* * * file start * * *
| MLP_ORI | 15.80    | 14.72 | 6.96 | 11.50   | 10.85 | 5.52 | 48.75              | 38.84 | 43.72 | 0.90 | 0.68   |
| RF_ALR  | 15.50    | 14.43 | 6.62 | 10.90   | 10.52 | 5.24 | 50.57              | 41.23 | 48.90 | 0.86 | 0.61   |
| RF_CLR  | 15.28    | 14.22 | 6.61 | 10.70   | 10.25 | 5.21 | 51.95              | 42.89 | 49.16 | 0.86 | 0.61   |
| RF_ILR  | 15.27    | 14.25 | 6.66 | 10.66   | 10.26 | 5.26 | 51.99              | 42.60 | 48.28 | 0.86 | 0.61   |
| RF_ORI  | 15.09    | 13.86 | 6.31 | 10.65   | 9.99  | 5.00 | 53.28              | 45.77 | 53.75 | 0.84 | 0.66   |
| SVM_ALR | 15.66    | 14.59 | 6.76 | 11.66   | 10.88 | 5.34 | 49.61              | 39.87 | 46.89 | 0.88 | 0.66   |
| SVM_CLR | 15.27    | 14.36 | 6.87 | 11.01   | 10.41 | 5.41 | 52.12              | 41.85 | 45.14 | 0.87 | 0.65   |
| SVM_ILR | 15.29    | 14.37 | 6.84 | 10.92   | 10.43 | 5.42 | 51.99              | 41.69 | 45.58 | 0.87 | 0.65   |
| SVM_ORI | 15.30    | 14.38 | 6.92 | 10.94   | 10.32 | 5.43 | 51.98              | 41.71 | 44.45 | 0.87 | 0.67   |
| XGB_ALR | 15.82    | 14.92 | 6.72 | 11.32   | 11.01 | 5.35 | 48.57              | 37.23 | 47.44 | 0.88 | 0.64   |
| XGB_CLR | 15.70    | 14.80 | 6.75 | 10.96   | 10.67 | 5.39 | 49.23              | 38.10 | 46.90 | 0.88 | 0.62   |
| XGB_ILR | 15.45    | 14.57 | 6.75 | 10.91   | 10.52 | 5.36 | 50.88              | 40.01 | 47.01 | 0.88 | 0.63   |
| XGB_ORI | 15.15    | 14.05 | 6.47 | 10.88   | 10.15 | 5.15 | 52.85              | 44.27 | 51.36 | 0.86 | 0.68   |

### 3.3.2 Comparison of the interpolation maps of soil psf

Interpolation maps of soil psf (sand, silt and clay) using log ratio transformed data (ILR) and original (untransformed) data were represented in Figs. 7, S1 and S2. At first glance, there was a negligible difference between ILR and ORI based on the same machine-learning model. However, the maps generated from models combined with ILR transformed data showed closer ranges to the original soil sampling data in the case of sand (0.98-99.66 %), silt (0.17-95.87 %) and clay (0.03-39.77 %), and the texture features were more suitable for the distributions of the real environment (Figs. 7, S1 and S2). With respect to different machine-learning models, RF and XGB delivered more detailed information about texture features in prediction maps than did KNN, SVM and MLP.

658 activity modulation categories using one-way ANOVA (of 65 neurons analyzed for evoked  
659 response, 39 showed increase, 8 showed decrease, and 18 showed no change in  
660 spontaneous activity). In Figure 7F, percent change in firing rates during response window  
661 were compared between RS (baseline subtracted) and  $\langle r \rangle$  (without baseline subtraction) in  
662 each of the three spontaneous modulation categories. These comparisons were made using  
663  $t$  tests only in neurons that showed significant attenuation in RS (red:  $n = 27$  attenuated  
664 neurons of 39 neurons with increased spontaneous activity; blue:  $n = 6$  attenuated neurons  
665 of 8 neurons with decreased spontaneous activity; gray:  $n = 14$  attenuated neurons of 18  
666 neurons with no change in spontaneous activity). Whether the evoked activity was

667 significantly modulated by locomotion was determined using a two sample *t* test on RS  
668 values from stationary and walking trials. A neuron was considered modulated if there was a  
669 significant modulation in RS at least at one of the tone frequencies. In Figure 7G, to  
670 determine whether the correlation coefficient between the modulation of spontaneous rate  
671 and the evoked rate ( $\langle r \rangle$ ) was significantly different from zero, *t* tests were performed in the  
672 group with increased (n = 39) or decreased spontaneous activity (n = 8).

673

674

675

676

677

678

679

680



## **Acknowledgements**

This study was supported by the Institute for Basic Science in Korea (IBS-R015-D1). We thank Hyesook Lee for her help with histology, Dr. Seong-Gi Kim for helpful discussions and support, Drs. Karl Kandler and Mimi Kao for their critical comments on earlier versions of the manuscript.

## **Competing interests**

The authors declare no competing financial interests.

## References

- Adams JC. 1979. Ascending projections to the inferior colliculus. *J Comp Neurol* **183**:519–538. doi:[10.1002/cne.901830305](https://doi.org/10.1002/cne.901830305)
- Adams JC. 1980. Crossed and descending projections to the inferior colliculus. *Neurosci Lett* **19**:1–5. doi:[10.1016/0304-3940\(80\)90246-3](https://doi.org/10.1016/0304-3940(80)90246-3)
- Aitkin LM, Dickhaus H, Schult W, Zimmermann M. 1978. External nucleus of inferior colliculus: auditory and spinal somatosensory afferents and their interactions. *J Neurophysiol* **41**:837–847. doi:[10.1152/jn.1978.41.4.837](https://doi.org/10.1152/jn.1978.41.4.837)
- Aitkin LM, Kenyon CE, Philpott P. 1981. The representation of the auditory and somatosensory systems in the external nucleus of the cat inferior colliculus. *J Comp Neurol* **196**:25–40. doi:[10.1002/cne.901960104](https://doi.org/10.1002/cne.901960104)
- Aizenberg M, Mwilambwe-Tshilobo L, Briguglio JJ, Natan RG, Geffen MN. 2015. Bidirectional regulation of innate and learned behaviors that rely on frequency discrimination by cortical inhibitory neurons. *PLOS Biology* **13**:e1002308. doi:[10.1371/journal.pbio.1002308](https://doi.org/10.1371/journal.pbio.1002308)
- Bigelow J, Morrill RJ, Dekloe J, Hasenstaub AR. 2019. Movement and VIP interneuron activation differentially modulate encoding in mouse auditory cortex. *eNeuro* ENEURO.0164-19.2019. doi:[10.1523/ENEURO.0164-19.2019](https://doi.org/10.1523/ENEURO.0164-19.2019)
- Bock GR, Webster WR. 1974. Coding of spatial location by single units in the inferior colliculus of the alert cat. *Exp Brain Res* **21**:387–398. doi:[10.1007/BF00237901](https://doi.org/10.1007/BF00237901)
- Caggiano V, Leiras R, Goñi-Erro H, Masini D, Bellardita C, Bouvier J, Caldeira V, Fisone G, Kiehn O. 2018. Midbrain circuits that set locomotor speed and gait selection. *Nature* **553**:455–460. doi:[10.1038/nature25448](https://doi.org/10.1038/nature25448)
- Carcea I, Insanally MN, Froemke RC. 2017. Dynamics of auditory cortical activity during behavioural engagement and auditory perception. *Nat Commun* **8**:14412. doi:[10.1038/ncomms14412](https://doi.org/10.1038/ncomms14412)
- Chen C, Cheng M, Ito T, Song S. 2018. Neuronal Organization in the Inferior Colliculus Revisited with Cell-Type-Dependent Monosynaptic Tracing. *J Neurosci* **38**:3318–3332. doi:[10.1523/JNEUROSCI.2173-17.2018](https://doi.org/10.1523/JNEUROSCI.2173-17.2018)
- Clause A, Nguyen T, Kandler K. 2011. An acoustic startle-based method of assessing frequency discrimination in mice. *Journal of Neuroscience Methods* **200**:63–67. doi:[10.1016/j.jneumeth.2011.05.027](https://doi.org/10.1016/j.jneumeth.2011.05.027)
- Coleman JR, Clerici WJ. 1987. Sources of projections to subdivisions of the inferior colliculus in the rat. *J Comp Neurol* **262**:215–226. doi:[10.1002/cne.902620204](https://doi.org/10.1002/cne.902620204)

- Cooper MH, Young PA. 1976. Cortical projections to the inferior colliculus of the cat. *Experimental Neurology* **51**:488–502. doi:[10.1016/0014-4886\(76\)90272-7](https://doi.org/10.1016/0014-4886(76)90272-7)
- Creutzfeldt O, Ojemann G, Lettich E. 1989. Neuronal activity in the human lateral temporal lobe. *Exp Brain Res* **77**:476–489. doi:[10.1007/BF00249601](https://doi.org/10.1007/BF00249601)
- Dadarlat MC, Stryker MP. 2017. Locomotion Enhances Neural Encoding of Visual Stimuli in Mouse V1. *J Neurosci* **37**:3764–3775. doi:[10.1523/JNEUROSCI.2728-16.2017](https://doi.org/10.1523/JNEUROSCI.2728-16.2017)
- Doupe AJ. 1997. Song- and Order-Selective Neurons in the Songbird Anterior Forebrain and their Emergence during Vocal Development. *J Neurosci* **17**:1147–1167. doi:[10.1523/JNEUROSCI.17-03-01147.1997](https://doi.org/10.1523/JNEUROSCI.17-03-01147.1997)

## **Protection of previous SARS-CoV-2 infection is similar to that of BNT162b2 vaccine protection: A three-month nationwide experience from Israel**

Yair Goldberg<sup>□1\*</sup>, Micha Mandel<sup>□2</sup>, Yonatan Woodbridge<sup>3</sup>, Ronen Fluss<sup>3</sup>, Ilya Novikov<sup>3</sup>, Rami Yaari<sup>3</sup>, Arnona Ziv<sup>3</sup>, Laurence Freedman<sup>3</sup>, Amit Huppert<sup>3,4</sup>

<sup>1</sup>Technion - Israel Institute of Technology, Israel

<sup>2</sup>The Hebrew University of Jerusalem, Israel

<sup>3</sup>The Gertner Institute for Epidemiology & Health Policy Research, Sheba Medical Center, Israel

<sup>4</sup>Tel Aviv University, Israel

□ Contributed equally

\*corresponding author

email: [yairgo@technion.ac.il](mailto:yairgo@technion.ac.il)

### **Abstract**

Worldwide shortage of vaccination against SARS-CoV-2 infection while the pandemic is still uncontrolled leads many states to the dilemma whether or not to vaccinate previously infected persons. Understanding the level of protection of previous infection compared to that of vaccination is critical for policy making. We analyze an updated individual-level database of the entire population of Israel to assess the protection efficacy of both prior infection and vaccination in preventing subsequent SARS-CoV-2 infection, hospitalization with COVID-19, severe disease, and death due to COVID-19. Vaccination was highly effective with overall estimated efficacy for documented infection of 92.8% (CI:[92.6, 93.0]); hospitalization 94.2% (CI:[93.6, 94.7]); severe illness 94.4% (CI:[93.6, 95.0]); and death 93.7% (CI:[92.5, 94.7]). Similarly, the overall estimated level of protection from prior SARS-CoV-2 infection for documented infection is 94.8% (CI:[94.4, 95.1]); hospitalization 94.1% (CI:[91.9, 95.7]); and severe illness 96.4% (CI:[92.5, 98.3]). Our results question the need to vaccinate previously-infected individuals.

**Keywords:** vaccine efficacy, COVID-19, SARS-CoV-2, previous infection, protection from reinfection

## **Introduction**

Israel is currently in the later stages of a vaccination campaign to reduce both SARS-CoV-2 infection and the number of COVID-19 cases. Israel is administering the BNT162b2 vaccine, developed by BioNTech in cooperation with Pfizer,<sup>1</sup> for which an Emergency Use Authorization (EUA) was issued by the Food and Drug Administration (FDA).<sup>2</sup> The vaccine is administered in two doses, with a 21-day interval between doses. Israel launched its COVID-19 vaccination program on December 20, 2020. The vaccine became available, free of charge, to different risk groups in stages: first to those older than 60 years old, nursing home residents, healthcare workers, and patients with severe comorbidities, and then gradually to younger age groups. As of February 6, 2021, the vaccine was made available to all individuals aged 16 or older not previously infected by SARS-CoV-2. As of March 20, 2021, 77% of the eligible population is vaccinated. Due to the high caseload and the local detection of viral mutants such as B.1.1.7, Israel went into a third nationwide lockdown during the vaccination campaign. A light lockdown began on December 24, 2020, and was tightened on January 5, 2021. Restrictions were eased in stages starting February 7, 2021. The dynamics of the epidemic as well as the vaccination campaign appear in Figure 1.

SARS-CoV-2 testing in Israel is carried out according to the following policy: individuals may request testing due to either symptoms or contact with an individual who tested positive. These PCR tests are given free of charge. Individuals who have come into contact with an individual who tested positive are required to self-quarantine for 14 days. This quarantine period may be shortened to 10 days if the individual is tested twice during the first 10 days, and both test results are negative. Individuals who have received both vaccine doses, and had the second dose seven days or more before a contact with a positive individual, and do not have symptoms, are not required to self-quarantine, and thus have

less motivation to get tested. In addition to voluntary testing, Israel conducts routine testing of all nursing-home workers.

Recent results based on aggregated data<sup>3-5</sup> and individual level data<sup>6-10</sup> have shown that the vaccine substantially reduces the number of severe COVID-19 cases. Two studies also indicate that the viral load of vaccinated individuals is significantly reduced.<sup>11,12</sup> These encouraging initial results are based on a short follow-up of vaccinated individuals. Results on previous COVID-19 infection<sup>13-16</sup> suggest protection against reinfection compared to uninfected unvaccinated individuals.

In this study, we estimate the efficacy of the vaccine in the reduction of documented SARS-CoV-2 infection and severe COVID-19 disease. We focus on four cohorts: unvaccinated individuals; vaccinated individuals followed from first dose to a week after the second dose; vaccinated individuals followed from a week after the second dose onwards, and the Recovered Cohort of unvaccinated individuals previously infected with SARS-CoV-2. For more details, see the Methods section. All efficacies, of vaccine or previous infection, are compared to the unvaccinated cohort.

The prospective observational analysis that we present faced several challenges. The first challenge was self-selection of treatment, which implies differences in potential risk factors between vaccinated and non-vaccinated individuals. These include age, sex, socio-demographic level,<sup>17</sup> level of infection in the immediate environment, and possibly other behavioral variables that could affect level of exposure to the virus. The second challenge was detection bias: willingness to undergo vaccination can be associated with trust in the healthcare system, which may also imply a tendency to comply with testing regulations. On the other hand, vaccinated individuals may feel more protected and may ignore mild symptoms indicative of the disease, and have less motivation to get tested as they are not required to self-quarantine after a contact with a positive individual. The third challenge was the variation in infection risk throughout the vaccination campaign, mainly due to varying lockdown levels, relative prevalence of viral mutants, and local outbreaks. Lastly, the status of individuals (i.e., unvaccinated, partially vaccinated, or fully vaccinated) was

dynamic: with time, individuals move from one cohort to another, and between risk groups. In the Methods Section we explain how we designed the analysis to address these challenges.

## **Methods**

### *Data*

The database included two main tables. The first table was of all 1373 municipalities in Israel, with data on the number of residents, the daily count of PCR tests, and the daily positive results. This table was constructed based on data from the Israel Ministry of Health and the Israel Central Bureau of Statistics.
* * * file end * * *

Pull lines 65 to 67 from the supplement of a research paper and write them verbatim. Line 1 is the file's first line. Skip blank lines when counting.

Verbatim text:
<sup>4</sup>Tel Aviv University, Israel

□ Contributed equally

\*corresponding author